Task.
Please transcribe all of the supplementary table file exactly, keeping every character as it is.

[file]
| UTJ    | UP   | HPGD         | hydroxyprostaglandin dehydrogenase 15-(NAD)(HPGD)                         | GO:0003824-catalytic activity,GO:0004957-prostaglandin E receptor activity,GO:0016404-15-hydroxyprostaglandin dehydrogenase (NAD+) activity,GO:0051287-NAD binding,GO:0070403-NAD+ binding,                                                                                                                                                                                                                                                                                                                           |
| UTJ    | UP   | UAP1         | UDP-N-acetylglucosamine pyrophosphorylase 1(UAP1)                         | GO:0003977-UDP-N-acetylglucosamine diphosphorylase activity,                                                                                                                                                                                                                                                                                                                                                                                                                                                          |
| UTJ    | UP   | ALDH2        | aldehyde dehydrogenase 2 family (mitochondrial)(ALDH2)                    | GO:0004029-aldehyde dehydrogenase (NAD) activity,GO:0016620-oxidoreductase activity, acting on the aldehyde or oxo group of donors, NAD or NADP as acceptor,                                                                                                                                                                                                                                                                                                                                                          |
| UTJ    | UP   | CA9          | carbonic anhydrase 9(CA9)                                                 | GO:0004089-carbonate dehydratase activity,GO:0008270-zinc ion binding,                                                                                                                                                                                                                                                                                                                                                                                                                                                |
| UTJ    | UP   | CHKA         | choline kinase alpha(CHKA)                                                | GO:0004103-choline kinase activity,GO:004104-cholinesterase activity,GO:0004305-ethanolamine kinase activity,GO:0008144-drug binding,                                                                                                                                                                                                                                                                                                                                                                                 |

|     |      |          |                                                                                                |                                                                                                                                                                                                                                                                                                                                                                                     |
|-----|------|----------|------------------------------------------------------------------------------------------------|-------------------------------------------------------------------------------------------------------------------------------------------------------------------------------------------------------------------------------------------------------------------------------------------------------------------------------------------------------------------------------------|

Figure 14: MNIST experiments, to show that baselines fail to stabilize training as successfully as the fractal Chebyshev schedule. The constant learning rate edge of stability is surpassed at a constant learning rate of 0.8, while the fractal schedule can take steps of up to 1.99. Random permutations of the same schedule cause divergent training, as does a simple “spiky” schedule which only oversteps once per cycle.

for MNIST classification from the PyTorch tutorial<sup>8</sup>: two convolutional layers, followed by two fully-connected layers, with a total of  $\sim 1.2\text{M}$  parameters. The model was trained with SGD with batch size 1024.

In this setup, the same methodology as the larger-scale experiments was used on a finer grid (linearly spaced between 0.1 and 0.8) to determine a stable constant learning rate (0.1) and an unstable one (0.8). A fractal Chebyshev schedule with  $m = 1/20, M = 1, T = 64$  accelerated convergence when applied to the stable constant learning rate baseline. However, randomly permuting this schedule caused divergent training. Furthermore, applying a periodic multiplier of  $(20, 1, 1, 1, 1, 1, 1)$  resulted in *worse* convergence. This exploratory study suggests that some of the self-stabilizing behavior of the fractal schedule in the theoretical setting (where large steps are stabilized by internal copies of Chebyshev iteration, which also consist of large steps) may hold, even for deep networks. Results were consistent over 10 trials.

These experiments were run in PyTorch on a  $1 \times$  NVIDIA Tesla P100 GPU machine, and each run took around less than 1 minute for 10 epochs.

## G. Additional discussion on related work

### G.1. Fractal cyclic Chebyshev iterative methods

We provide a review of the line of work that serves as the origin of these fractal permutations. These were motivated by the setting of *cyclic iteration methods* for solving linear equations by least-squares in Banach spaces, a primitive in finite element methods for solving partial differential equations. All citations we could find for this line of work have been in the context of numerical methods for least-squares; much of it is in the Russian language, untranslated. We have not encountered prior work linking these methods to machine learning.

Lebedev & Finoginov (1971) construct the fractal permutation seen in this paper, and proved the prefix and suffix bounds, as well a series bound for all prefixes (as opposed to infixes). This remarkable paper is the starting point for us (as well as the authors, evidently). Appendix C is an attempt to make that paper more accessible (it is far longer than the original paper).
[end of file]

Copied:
| UTJ    | UP   | HPGD         | hydroxyprostaglandin dehydrogenase 15-(NAD)(HPGD)                         | GO:0003824-catalytic activity,GO:0004957-prostaglandin E receptor activity,GO:0016404-15-hydroxyprostaglandin dehydrogenase (NAD+) activity,GO:0051287-NAD binding,GO:0070403-NAD+ binding,                                                                                                                                                                                                                                                                                                                           |
| UTJ    | UP   | UAP1         | UDP-N-acetylglucosamine pyrophosphorylase 1(UAP1)                         | GO:0003977-UDP-N-acetylglucosamine diphosphorylase activity,                                                                                                                                                                                                                                                                                                                                                                                                                                                          |
| UTJ    | UP   | ALDH2        | aldehyde dehydrogenase 2 family (mitochondrial)(ALDH2)                    | GO:0004029-aldehyde dehydrogenase (NAD) activity,GO:0016620-oxidoreductase activity, acting on the aldehyde or oxo group of donors, NAD or NADP as acceptor,                                                                                                                                                                                                                                                                                                                                                          |
| UTJ    | UP   | CA9          | carbonic anhydrase 9(CA9)                                                 | GO:0004089-carbonate dehydratase activity,GO:0008270-zinc ion binding,                                                                                                                                                                                                                                                                                                                                                                                                                                                |
| UTJ    | UP   | CHKA         | choline kinase alpha(CHKA)                                                | GO:0004103-choline kinase activity,GO:004104-cholinesterase activity,GO:0004305-ethanolamine kinase activity,GO:0008144-drug binding,                                                                                                                                                                                                                                                                                                                                                                                 |

|     |      |          |                                                                                                |                                                                                                                                                                                                                                                                                                                                                                                     |
|-----|------|----------|------------------------------------------------------------------------------------------------|-------------------------------------------------------------------------------------------------------------------------------------------------------------------------------------------------------------------------------------------------------------------------------------------------------------------------------------------------------------------------------------|

Figure 14: MNIST experiments, to show that baselines fail to stabilize training as successfully as the fractal Chebyshev schedule. The constant learning rate edge of stability is surpassed at a constant learning rate of 0.8, while the fractal schedule can take steps of up to 1.99. Random permutations of the same schedule cause divergent training, as does a simple “spiky” schedule which only oversteps once per cycle.

for MNIST classification from the PyTorch tutorial<sup>8</sup>: two convolutional layers, followed by two fully-connected layers, with a total of  $\sim 1.2\text{M}$  parameters. The model was trained with SGD with batch size 1024.

In this setup, the same methodology as the larger-scale experiments was used on a finer grid (linearly spaced between 0.1 and 0.8) to determine a stable constant learning rate (0.1) and an unstable one (0.8). A fractal Chebyshev schedule with  $m = 1/20, M = 1, T = 64$  accelerated convergence when applied to the stable constant learning rate baseline. However, randomly permuting this schedule caused divergent training. Furthermore, applying a periodic multiplier of  $(20, 1, 1, 1, 1, 1, 1)$  resulted in *worse* convergence. This exploratory study suggests that some of the self-stabilizing behavior of the fractal schedule in the theoretical setting (where large steps are stabilized by internal copies of Chebyshev iteration, which also consist of large steps) may hold, even for deep networks. Results were consistent over 10 trials.

These experiments were run in PyTorch on a  $1 \times$  NVIDIA Tesla P100 GPU machine, and each run took around less than 1 minute for 10 epochs.

## G. Additional discussion on related work

### G.1. Fractal cyclic Chebyshev iterative methods

We provide a review of the line of work that serves as the origin of these fractal permutations. These were motivated by the setting of *cyclic iteration methods* for solving linear equations by least-squares in Banach spaces, a primitive in finite element methods for solving partial differential equations. All citations we could find for this line of work have been in the context of numerical methods for least-squares; much of it is in the Russian language, untranslated. We have not encountered prior work linking these methods to machine learning.

Lebedev & Finoginov (1971) construct the fractal permutation seen in this paper, and proved the prefix and suffix bounds, as well a series bound for all prefixes (as opposed to infixes). This remarkable paper is the starting point for us (as well as the authors, evidently). Appendix C is an attempt to make that paper more accessible (it is far longer than the original paper).